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Harris v. Nissan-Infiniti LT

United States District Court, D. Nevada

January 11, 2018

BECKY HARRIS, Plaintiff,
NISSAN-INFINITI LT, et al., Defendant.


         Presently before the court is defendant Specialized Loan Servicing LLC's (“SLS”) motion to dismiss. (ECF No. 13). Plaintiff Becky Harris filed a response (ECF No. 17), to which SLS replied (ECF No. 19).

         I. Facts

         This is a Fair Credit Reporting Act (“FCRA”) violation action resulting from an alleged erroneous report containing derogatory credit information issued to national reporting agencies. (ECF No. 1 at 2).

         On or about June 16, 2011, plaintiff filed for Chapter 7 Bankruptcy (“bankruptcy”). (ECF No. 1 at 4). The bankruptcy court discharged plaintiff's obligations on September 19, 2012. Id. Subsequent to the discharge, in an Experian Information Solutions, Inc. (“Experian”) report dated May 27, 2015, SLS reported an account “status” for plaintiff that included a “balloon payment” of $32, 262, due in November of 2021. Id. at 6. Plaintiff disputed the reported information by notifying Experian, in writing, in accordance with 15 U.S.C. § 1681i(a)(2). Id. at 7. On or about September 21, 2015, plaintiff received notification from Experian that the account in question was “[u]pdated, ” and that Experian had “completed processing of [her] dispute(s).” Id. Nonetheless, the challenged information was re-reported on plaintiff's report. Id. at 8.

         On January 23, 2017, plaintiff filed the underlying complaint against defendants SLS, Experian, and Nissan-Infiniti LT (“Nissan”), alleging willfully inaccurate and negative reporting of a discharged debt in violation of the FCRA, 15 U.S.C §§ 1681s-2(b)(1)(D) and (E), 1681i(a) and/or 1681e(b). (ECF No. 1). On March 22, 2017, SLS filed a motion to dismiss, pursuant to Fed.R.Civ.P. 12(b)(6). (ECF No. 13).

         On April 12, 2017, while SLS's motion was still pending, plaintiff voluntarily dismissed defendant Nissan from this action, pursuant to Fed.R.Civ.P. 41(a)(1)(A)(i). (ECF No. 18). Additionally, on August 22, 2017, plaintiff and defendant Experian stipulated to a dismissal of plaintiff's claims against Experian in accordance with Fed.R.Civ.P. 41(a)(1)(A)(ii). (ECF No. 32).

         II. Legal Standard

         A court may dismiss a complaint for “failure to state a claim upon which relief can be granted.” Fed.R.Civ.P. 12(b)(6). A properly pled complaint must provide “[a] short and plain statement of the claim showing that the pleader is entitled to relief.” Fed.R.Civ.P. 8(a)(2); Bell Atlantic Corp. v. Twombly, 550 U.S. 544, 555 (2007). While Rule 8 does not require detailed factual allegations, it demands “more than labels and conclusions” or a “formulaic recitation of the elements of a cause of action.” Ashcroft v. Iqbal, 556 U.S. 662, 678 (2009) (citation omitted).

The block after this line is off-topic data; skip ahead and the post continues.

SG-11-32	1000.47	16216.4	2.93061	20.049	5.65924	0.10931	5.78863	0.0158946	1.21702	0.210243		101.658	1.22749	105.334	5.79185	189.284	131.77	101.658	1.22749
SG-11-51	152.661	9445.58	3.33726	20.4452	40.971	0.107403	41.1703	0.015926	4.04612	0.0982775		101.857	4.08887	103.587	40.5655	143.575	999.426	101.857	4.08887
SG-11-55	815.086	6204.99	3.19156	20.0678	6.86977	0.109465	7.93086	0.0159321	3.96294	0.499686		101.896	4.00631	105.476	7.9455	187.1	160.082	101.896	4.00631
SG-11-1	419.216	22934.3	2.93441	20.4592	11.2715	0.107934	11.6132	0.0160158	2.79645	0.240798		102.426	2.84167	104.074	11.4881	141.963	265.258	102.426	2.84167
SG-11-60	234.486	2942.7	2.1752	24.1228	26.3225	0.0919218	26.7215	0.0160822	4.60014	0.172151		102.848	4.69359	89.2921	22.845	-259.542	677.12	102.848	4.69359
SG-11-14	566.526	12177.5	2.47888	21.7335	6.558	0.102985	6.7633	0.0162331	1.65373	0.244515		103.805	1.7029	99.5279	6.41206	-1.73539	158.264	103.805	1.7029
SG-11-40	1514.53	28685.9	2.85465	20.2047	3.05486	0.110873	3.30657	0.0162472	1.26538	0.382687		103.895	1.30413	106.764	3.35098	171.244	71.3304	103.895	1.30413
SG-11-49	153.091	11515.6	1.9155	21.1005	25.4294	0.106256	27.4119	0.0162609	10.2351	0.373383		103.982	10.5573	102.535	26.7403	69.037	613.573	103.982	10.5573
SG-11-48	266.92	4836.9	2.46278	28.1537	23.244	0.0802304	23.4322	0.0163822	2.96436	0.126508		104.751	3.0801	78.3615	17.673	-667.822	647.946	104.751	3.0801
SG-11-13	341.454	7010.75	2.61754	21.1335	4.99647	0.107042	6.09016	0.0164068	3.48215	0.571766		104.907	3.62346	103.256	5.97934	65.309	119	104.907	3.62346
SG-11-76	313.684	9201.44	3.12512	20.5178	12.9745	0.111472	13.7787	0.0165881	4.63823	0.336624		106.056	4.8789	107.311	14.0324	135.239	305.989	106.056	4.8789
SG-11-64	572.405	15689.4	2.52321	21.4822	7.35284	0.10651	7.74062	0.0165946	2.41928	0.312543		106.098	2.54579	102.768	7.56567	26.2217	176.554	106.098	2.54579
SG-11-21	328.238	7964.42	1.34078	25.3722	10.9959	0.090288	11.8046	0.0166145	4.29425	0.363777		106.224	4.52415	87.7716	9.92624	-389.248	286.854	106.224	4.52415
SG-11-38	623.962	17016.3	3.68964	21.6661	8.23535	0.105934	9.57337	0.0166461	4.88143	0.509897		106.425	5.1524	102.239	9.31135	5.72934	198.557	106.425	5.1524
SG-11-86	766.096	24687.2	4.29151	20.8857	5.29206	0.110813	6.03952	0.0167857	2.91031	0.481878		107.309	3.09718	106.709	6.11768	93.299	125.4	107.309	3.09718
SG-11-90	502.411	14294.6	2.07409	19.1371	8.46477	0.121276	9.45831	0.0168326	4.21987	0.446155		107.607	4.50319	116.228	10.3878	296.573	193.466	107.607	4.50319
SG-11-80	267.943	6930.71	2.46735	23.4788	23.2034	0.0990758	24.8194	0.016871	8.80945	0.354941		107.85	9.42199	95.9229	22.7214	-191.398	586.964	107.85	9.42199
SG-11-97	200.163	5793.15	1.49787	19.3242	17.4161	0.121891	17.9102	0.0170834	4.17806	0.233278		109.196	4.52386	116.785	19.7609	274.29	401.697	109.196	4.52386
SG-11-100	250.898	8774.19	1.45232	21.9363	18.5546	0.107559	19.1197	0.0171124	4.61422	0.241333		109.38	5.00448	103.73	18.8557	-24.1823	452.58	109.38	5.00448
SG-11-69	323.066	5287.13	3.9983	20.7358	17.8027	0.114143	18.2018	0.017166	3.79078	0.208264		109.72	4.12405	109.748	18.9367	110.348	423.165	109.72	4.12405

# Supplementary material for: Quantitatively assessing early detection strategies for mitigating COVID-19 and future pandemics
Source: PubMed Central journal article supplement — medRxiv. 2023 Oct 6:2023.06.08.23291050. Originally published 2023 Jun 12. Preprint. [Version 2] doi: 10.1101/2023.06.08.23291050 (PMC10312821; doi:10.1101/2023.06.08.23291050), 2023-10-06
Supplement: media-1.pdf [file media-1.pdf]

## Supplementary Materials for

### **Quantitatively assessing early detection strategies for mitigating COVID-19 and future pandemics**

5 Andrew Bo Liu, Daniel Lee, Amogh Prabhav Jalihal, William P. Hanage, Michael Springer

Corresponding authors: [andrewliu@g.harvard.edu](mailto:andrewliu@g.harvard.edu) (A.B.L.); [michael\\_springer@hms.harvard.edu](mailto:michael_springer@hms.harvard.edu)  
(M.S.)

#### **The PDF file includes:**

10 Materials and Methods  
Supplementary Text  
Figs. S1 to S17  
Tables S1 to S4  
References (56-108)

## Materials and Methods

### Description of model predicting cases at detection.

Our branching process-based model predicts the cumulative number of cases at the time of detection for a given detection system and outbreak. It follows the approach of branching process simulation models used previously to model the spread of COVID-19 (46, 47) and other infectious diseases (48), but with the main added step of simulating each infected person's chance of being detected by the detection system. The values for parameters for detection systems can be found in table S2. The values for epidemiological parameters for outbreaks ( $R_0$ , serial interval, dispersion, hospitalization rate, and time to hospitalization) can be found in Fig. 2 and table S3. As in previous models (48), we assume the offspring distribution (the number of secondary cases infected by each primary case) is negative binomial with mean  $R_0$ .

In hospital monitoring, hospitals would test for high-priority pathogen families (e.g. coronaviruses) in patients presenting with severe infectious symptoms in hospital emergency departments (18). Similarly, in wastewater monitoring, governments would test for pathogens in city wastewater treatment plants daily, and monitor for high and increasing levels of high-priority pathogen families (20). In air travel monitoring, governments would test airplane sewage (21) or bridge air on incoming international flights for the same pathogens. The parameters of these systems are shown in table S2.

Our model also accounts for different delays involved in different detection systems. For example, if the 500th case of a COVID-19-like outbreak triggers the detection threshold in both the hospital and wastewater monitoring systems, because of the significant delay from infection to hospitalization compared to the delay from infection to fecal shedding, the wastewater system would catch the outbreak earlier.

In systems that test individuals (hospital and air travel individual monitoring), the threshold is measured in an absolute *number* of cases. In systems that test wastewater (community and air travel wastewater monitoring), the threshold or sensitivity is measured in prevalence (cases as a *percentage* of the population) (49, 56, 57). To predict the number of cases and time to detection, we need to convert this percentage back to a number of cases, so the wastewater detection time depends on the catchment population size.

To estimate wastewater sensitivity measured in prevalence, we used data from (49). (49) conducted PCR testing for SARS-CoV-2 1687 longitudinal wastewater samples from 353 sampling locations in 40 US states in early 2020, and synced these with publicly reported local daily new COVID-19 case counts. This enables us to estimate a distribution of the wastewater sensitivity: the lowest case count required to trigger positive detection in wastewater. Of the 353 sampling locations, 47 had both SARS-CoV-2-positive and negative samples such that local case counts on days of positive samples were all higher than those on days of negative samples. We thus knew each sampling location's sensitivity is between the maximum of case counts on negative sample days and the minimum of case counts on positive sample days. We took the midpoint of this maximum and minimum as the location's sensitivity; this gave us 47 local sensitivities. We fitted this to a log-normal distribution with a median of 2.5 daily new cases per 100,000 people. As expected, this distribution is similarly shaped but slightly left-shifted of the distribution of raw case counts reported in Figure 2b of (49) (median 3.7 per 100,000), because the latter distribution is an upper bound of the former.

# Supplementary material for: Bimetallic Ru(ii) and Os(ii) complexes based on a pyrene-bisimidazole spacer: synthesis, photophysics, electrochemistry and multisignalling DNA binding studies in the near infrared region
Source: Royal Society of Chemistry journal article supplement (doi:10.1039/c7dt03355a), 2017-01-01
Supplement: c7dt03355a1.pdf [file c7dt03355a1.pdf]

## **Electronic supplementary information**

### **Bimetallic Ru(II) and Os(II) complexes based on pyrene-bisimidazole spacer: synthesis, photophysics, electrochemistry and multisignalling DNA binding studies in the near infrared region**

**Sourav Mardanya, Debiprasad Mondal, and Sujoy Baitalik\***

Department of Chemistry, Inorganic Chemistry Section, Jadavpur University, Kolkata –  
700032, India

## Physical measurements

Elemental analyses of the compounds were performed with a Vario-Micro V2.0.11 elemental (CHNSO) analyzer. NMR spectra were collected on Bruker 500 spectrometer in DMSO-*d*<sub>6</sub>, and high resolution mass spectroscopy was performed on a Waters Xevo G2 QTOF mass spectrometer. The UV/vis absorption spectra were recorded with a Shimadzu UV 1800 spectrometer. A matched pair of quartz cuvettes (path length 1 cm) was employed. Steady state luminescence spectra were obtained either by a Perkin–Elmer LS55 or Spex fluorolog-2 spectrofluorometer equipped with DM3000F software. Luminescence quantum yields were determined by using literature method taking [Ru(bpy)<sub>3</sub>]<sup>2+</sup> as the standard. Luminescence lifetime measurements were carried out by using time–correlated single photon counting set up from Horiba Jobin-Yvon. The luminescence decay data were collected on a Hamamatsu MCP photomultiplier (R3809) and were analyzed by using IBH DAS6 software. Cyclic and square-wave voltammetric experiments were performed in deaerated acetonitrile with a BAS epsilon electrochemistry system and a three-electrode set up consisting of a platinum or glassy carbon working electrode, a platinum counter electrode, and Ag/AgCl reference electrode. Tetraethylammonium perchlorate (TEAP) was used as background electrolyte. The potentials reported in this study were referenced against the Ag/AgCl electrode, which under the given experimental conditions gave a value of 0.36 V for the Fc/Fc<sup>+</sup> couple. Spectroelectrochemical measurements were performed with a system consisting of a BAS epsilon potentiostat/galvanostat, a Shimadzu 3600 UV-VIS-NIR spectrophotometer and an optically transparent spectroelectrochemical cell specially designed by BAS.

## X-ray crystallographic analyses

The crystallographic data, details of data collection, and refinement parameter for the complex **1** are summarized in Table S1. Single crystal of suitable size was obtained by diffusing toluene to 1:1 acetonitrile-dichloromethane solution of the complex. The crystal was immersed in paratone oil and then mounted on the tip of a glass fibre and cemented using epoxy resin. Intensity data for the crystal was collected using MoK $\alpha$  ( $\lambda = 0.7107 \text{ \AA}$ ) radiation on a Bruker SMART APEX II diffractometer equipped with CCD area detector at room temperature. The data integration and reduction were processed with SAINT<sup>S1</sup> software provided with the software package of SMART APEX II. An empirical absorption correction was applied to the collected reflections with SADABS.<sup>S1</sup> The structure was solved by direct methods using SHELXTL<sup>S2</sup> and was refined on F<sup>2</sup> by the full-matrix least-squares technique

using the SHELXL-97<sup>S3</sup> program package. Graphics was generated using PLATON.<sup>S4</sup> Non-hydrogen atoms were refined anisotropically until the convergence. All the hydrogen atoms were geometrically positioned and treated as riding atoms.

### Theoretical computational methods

“Factual allegations must be enough to rise above the speculative level.” Twombly, 550 U.S. at 555. Thus, to survive a motion to dismiss, a complaint must contain sufficient factual matter to “state a claim to relief that is plausible on its face.” Iqbal, 556 U.S. at 678 (citation omitted).

         In Iqbal, the Supreme Court clarified the two-step approach district courts are to apply when considering motions to dismiss. First, the court must accept as true all well-pled factual allegations in the complaint; however, legal conclusions are not entitled to the assumption of truth. Id. at 678-79. Mere recitals of the elements of a cause of action, supported only by conclusory statements, do not suffice. Id. at 678.

         Second, the court must consider whether the factual allegations in the complaint allege a plausible claim for relief. Id. at 679. A claim is facially plausible when the plaintiff's complaint alleges facts that allow the court to draw a reasonable inference that the defendant is liable for the alleged misconduct. Id. at 678.

         Where the complaint does not permit the court to infer more than the mere possibility of misconduct, the complaint has “alleged-but not shown-that the pleader is entitled to relief.” Id. (internal quotation marks omitted). When the allegations in a complaint have not crossed the line from conceivable to plausible, plaintiff's claim must be dismissed. Twombly, 550 U.S. at 570.

         The Ninth Circuit addressed post-Iqbal pleading standards in Starr v. Baca, 652 F.3d 1202, 1216 (9th Cir. 2011). The Starr court stated, in relevant part:

First, to be entitled to the presumption of truth, allegations in a complaint or counterclaim may not simply recite the elements of a cause of action, but must contain sufficient allegations of underlying facts to give fair notice and to enable the opposing party to defend itself effectively. Second, the factual allegations that are taken as true must plausibly suggest an entitlement to relief, such that it is not ...

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